When the results were known some commentators excitedly claimed that the ANC vote had gone down everywhere, in the countryside just as much as the towns. Others claimed to see the effect of patronage politics in the fact that the ANC vote held up better where the “premier league” ruled. Peter Bruce in Business Day excitedly warned that the buffeting the ANC had taken in 2016 was as nothing compared to the complete hiding that awaited it in 2019 and even held out the prospect of a President Maimane after 2019. None of these conclusions can be justified.
2019 and all that
Let us take the last claim first. It may be that the decline in the ANC vote shown in 2016 will continue but the ANC has always done better in national elections rather than local ones because it is better able to pull out its massive vote then. The DA has fared correspondingly worse in national elections. So, if existing patterns hold, one would expect the ANC to recover somewhat in 2019 compared to 2016. Secondly, the dynamic factor in 2016 as compared with 2011 was the EFF's entry into the mix.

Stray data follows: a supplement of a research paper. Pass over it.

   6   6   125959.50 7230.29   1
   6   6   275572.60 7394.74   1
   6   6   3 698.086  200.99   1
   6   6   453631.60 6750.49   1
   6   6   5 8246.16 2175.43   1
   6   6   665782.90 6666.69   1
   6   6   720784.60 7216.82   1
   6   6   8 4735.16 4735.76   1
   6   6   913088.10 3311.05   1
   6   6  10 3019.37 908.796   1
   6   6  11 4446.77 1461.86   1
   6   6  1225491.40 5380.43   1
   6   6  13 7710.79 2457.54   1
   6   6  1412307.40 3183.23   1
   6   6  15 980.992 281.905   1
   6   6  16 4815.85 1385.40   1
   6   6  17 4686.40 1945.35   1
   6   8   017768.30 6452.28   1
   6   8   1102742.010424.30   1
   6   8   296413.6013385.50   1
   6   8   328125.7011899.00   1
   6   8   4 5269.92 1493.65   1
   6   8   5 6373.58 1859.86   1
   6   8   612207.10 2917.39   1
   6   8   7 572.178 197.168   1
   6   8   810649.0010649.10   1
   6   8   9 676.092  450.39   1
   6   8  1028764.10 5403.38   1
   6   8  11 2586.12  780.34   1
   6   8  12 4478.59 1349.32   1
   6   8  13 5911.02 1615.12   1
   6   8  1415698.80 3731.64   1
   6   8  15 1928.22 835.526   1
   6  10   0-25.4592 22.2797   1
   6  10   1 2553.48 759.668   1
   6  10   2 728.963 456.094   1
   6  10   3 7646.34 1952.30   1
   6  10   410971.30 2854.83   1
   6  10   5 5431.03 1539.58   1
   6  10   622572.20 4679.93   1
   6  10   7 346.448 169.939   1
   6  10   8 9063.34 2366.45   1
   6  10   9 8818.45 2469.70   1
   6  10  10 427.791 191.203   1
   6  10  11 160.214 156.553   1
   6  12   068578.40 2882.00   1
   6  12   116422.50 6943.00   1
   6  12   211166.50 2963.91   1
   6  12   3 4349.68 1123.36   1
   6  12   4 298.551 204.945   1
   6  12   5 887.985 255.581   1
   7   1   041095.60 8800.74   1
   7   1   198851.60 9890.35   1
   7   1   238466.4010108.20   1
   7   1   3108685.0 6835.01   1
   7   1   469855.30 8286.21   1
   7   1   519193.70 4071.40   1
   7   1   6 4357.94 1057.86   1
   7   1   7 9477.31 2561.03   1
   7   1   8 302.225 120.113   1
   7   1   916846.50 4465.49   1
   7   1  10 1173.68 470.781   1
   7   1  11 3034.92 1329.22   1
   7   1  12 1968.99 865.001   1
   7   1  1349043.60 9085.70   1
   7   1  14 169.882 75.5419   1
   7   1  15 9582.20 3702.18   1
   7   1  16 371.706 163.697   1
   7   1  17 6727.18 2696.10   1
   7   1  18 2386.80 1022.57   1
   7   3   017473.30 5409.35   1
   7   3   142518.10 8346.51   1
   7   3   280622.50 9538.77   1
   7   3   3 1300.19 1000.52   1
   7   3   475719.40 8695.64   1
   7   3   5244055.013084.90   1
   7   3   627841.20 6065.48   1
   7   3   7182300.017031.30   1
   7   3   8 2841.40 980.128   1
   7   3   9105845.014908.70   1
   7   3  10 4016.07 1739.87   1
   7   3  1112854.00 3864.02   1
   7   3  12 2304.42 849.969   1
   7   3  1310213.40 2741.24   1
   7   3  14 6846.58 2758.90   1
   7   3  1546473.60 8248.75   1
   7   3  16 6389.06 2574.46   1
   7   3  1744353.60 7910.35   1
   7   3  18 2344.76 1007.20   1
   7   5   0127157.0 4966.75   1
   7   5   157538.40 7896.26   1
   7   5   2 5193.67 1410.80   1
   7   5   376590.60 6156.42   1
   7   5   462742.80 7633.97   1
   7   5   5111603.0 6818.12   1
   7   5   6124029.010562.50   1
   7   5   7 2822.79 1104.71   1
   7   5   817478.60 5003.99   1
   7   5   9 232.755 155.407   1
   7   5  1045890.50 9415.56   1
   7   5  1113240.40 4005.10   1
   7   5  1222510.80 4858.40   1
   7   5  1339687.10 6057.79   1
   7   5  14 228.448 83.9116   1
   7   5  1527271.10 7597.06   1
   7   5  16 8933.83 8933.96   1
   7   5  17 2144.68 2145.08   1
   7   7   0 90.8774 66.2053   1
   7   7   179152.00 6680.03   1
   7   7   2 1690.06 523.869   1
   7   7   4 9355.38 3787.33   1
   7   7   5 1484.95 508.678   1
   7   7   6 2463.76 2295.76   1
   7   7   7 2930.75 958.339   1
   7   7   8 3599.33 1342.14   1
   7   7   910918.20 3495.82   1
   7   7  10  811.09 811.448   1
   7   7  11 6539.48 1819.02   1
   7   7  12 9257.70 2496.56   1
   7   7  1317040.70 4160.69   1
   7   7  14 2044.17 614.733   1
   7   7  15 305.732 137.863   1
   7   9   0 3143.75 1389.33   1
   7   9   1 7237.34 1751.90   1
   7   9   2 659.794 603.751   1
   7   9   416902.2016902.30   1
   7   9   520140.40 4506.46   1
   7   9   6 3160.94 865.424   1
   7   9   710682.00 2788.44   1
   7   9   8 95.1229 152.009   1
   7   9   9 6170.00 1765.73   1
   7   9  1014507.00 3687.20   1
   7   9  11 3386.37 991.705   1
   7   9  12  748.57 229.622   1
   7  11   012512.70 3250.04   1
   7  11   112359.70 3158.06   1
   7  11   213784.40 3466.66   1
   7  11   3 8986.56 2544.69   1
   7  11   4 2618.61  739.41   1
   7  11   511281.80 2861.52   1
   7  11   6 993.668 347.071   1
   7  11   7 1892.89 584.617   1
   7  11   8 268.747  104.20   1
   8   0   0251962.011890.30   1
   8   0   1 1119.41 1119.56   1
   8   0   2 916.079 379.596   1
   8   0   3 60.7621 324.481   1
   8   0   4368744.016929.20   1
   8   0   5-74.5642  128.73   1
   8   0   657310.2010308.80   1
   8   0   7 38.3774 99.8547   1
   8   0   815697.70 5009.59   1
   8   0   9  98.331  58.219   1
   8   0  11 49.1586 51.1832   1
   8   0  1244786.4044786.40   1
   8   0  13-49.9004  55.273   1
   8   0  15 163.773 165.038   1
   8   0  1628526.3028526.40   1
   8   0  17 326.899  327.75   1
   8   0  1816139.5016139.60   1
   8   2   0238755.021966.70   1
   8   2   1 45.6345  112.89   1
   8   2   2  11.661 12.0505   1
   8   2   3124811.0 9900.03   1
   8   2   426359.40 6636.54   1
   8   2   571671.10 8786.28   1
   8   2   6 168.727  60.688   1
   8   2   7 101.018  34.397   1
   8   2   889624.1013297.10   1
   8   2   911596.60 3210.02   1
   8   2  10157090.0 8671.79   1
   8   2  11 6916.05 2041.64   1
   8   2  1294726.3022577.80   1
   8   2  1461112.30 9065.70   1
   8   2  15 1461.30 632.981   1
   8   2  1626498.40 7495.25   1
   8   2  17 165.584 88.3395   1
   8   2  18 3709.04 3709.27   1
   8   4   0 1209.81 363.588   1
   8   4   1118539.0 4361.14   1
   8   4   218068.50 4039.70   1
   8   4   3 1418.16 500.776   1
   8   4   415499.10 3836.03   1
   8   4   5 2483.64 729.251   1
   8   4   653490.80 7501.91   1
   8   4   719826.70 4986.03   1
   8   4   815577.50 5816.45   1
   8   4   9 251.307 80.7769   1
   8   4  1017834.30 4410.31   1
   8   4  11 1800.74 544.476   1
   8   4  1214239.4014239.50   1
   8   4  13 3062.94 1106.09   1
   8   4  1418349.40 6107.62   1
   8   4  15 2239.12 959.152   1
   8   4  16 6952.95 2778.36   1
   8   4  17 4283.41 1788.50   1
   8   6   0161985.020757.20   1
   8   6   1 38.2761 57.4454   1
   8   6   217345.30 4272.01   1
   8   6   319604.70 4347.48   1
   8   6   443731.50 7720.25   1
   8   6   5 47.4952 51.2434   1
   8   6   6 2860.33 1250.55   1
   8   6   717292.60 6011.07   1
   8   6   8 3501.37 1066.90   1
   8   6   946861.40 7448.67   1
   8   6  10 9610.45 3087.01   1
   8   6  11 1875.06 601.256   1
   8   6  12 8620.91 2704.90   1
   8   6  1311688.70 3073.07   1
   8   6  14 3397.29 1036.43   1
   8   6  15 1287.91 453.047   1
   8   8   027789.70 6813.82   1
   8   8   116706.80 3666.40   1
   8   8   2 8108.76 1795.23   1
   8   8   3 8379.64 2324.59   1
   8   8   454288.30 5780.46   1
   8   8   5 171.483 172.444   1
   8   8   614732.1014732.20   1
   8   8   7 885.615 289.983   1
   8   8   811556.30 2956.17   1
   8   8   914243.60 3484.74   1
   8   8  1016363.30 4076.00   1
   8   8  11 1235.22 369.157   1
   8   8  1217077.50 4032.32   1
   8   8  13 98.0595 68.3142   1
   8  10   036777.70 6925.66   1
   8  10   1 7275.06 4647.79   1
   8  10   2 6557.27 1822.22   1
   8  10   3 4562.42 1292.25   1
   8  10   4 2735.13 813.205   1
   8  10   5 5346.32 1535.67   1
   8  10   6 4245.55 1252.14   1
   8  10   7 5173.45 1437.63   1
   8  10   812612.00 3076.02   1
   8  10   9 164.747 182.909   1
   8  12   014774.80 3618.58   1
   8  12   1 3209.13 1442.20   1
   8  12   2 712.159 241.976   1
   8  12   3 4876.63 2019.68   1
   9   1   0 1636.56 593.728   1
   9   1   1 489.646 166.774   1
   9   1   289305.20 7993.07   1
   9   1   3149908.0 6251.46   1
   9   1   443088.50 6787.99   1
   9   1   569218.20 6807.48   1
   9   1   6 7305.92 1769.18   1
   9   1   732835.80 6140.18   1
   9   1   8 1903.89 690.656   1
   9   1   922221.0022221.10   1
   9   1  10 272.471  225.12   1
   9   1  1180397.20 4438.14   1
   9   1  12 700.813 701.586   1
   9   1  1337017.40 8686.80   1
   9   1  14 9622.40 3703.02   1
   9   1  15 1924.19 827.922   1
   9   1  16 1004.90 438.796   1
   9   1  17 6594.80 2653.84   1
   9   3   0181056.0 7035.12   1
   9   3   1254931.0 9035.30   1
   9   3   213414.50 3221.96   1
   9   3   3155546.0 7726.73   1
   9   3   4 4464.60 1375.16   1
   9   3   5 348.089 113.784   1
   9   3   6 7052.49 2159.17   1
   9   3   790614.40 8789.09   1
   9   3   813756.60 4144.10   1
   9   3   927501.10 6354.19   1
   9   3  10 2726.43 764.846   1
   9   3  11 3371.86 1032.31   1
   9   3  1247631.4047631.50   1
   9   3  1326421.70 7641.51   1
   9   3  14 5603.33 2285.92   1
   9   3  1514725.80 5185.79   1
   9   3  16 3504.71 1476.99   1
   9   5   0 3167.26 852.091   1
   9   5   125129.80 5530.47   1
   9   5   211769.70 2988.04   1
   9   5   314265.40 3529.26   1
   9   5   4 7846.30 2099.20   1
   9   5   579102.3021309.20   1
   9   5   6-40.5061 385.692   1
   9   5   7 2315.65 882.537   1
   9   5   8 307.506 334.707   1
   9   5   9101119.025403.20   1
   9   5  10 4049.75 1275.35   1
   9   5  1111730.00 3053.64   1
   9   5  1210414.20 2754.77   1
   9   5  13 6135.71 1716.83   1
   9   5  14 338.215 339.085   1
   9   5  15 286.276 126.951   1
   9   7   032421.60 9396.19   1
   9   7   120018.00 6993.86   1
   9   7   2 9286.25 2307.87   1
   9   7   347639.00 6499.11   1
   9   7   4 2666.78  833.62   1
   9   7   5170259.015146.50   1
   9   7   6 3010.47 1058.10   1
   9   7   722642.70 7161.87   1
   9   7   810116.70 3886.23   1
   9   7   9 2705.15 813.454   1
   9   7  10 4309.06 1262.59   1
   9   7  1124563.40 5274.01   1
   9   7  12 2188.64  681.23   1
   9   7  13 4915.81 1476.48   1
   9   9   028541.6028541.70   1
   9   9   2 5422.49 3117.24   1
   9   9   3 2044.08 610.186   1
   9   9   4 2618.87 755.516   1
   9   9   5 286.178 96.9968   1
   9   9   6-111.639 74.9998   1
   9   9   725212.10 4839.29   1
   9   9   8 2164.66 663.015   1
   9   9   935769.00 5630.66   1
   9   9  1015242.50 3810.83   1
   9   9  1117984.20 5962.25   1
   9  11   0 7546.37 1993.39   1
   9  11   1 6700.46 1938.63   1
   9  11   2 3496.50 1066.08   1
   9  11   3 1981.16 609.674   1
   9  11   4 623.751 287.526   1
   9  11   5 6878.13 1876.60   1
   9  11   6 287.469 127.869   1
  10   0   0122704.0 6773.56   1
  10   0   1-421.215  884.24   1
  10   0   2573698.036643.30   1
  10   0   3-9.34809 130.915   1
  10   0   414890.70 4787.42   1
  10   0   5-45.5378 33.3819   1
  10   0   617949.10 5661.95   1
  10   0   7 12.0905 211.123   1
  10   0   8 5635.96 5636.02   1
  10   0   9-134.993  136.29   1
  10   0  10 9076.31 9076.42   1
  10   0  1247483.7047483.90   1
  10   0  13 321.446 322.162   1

But when we get to 2019 we will be comparing back with 2014 when the EFF was already in the mix. Thirdly, 2016 offered Opposition voters the enticing prospect of displacing the ANC from power in major towns and cities, but no such prospect will be on offer in 2019. Talk of Maimane leading a government after 2019 are thus hugely inflated. In 2014, after all, the DA gained 22.23% of the vote, way short of the 30% target Zille had set. Even if past trends continue – and DA gains will be harder now – 26% of the vote in 2019 and 30% in 2024 would be a good achievement. The ANC still gets more than twice that.